[ExI] The Great Culling

Stuart LaForge avant at sollegro.com
Mon Jun 14 11:11:16 UTC 2021

Quoting Rafal Smigrodzki:

> ### A couple of years ago I hypothesized on this list that the Yamnaya
> culture triggered a phase transition starting about 10k years ago, by first
> developing superior war technologies that allowed long-range warfare, which
> gave the Yamnaya males the ability to slaughter other males and take their
> women. Since increased geographical distance between the winner males and
> the captive females optimized their mating distance, the resulting
> offspring were phenotypically superior to parental populations, allowing
> them to further expand by slaughtering ever more men and taking ever more
> genetically distant females, eventually leading to their overrunning almost
> all of Europe, Middle East, and India. Similar but smaller expansion/phase
> transition waves occurred also in other parts of Asia. The present article
> does not show anything dramatically new but it does provide a comprehensive
> view of this transition across the world.

So I was digging around in the article's supplemental data and their  
best graph is on page 5 here:


I took that graph and added data points consisting the earliest known  
domestication of various species color coded to match the culture they  
first arose in and attached it to this email.

  It turns out you were exactly right for Central Asia. The moment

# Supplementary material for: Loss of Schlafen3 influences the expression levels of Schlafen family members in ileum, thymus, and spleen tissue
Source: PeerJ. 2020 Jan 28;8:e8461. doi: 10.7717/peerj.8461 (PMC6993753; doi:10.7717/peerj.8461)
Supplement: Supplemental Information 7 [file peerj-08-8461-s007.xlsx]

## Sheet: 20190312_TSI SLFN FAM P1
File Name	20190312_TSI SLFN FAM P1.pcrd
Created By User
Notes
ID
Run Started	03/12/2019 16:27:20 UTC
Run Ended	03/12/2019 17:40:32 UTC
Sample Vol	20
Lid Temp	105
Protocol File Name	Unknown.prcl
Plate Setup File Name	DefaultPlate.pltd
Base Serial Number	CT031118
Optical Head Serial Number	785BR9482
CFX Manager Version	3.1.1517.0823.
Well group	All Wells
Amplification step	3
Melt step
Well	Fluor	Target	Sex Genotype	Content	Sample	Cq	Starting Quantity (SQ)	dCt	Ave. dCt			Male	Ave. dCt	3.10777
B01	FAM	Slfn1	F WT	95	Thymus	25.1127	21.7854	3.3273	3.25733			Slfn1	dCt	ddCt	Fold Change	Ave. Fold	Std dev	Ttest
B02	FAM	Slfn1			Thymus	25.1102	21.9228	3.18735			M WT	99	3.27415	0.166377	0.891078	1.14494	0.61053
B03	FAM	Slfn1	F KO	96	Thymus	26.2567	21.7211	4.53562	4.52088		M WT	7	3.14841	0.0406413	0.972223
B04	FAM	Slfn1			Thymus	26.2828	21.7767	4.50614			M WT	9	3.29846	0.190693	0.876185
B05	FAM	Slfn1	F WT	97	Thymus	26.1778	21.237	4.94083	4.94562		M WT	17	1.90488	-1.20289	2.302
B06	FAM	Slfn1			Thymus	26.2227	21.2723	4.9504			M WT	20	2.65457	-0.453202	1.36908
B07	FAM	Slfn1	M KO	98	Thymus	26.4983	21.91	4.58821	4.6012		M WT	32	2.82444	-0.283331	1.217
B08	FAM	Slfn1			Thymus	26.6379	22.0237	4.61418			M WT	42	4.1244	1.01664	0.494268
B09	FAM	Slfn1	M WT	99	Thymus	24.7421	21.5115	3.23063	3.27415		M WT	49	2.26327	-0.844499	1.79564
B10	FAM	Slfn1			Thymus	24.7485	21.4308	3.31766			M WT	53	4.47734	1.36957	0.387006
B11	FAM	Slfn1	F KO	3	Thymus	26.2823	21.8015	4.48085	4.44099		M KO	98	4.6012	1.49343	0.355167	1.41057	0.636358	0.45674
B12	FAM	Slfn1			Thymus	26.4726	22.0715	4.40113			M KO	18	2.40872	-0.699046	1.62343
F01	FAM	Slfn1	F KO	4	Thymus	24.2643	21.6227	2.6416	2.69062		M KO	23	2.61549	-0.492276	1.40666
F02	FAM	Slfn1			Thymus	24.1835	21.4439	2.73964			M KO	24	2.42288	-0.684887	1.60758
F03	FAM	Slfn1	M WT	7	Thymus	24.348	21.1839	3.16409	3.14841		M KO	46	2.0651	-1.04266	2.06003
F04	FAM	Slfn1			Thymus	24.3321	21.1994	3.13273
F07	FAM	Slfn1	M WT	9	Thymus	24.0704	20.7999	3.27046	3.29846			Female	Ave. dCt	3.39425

they domesticated horses, the diversity of Y-chromosomes crashed. Your  
explanation of the superiority of mounted archery makes a lot of sense  
here and Yamnaya culture did originate on the central steppes of Asia.

> Interestingly Africa was least affected by the transition. No horses, no
> big wars?

Horses were domesticated about 5500 years ago in central Asia which  
did correspond to the culling of Central Asia (cyan) and although for  
some reason the culling began in Europe about 1000 years earlier in  
Europe (yellow). Why? It could be because the only animal domesticated  
at the time by Europeans were bees. So they had to have domestic  
animals culturally imported so to speak. Perhaps in a situation  
similar to that of Africa.

The less affectedness of Africa might be indicative that nothing was  
apparently domesticated there so it had to wait for all the livestock  
to be imported. Therefore there seems to multiple rounds of less  
severe culling presumably as domesticated animals were imported from  

> So no, I don't think this was an alien breeding plan but rather some
> enterprising nomads figuring out how to fight from horseback in formation
> using bow and arrows in superior numbers to attack the men of small
> isolated tribes without taking many losses so as to keep going at it for
> thousands of years, until they ran out of less organized men to kill. In
> other words, this Great Culling of Men was due to the invention of
> organized war run by professional warriors.

Ok, so for Central Asia, a case can clearly be made for military  
superiority afforded by horse-mounted warriors causing the culling of  
less organized males. But that does not explain how the domestication  
of cattle by the Near Easterners and Southern Asians, precipitated the  
culling of those cultures as shown on the attached figure.

In fact, all but three of the geographic region/culture on the graph  
experienced the Culling almost immediately after domesticating a  
specific animal. The East and South East Asians were culled right  
after they domesticated chickens and pigs. The Andean people in South  
America experienced the Culling right after they domesticated the  
llama and the alpaca. Chickens, pigs, and llamas have no obvious use  
in warfare, yet nonetheless presaged the Culling in their respective  

At this point, I am thinking along the line of zoonotic viruses doing  
the actual Culling. It would not spread person to person and only  
affect the people directly handling the animals who were probably all  

Stuart LaForge

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